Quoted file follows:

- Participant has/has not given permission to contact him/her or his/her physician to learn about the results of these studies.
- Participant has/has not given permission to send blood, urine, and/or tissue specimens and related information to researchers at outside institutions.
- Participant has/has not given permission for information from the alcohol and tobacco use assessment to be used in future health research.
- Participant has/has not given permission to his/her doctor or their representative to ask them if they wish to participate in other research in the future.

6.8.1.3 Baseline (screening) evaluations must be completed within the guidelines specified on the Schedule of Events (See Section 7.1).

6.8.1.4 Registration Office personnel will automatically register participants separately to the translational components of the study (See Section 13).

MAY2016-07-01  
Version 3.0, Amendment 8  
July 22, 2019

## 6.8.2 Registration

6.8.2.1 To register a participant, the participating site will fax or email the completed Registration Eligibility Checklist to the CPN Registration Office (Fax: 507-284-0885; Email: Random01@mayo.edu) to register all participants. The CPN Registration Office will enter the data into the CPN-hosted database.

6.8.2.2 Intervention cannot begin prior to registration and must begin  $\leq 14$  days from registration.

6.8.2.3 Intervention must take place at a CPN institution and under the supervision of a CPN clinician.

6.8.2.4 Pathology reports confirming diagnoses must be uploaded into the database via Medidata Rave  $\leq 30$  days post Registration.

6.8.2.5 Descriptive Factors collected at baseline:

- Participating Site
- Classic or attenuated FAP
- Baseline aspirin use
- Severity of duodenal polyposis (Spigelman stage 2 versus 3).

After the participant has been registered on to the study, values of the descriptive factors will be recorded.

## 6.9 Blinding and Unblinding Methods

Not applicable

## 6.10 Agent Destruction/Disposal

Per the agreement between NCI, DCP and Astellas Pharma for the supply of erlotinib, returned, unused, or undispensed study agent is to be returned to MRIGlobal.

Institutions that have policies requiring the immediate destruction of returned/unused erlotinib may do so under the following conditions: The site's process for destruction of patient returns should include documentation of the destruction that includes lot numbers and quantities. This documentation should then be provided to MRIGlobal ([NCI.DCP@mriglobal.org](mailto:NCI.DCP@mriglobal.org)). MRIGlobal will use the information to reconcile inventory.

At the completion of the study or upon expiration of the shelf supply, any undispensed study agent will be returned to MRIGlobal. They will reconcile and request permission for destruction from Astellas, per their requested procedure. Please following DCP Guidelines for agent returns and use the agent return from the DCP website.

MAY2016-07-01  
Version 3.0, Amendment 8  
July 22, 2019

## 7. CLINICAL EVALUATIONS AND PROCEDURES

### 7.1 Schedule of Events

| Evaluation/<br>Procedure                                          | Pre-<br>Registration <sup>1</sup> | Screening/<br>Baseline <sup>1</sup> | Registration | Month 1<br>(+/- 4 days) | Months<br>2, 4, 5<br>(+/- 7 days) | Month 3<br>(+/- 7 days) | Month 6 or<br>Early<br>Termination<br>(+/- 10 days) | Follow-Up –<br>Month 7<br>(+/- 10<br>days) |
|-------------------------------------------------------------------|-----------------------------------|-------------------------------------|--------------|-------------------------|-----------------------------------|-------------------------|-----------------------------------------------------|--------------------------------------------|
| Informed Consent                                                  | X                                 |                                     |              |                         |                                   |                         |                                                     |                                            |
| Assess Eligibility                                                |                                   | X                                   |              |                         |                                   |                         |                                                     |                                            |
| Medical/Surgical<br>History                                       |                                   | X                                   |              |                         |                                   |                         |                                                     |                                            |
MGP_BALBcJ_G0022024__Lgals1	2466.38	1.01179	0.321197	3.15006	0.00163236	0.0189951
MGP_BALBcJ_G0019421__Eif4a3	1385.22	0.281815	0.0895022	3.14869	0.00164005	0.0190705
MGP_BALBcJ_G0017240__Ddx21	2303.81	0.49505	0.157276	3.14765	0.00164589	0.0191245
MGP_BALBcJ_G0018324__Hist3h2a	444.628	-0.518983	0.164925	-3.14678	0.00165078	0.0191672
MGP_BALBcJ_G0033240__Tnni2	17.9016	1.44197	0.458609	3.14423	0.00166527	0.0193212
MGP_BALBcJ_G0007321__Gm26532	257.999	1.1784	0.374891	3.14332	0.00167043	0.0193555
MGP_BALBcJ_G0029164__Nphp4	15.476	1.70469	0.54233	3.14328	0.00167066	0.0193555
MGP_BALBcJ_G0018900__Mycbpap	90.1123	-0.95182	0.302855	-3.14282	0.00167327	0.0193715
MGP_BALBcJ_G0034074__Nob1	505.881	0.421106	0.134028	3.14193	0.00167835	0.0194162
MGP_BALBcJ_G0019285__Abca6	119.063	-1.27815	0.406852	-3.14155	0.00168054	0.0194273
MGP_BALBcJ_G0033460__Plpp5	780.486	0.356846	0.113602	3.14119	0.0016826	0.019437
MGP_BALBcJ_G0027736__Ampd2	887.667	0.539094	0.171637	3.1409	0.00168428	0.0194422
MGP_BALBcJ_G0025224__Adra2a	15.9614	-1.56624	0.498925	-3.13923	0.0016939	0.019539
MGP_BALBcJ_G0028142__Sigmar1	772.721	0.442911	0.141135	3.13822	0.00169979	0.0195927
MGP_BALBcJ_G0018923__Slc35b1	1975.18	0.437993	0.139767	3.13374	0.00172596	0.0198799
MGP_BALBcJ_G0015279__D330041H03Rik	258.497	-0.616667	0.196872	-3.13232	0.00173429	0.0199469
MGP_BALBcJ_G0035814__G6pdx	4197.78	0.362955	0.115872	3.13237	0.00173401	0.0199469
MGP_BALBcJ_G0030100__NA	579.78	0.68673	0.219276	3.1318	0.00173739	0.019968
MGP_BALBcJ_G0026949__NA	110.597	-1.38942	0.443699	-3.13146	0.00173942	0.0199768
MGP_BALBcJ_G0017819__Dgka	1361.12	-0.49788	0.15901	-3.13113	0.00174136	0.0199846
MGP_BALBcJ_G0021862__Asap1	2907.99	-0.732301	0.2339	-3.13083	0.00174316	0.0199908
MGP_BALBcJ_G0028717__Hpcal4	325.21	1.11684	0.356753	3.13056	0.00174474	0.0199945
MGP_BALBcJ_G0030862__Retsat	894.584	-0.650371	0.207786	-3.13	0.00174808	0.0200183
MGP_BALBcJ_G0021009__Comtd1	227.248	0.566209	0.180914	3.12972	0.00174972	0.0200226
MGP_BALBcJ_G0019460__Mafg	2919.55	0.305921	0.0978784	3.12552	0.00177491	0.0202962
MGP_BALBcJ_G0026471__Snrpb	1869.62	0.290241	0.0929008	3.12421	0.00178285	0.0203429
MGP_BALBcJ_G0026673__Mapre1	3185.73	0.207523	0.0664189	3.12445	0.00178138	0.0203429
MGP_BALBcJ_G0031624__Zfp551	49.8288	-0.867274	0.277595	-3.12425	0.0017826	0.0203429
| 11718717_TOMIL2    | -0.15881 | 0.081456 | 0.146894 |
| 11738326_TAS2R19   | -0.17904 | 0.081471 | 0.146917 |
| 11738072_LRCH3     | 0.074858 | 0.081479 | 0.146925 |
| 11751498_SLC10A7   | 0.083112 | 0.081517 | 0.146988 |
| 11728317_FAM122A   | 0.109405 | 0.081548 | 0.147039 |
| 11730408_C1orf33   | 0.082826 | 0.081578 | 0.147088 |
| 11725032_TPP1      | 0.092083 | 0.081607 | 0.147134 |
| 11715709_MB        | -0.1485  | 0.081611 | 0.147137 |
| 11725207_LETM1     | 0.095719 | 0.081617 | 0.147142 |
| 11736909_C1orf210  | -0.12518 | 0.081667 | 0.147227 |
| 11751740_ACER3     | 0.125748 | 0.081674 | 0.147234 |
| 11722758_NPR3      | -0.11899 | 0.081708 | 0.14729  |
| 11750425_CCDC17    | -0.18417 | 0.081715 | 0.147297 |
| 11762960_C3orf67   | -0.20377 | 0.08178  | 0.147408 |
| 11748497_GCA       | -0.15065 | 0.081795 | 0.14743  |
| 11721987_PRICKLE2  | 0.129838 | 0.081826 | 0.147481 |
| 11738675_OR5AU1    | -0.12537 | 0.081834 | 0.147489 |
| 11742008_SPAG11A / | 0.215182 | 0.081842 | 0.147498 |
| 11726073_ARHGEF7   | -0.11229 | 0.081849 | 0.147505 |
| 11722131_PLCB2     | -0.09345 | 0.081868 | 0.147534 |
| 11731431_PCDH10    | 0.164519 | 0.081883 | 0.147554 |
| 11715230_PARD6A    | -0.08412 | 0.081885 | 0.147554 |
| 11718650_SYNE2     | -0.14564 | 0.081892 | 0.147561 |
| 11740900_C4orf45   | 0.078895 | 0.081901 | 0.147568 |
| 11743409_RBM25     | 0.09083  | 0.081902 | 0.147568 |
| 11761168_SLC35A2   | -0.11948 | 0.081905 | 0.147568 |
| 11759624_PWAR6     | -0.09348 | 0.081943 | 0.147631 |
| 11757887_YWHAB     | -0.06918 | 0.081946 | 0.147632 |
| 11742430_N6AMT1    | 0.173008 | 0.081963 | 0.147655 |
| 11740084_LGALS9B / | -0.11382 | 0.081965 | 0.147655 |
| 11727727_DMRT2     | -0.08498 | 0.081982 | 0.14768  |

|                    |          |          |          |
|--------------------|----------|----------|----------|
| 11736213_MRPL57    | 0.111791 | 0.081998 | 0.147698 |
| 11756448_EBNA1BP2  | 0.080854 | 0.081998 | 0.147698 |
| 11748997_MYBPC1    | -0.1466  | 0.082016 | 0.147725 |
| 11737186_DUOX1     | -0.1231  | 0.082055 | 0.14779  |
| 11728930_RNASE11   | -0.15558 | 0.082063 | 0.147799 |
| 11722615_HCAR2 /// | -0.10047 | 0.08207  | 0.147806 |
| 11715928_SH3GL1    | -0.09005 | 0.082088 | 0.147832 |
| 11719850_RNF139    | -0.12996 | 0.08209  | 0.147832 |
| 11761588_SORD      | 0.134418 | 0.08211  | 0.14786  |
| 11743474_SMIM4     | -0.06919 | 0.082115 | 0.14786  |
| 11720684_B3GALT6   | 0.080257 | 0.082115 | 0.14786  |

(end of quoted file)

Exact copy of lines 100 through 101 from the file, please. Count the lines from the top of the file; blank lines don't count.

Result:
| 11748997_MYBPC1    | -0.1466  | 0.082016 | 0.147725 |
| 11737186_DUOX1     | -0.1231  | 0.082055 | 0.14779  |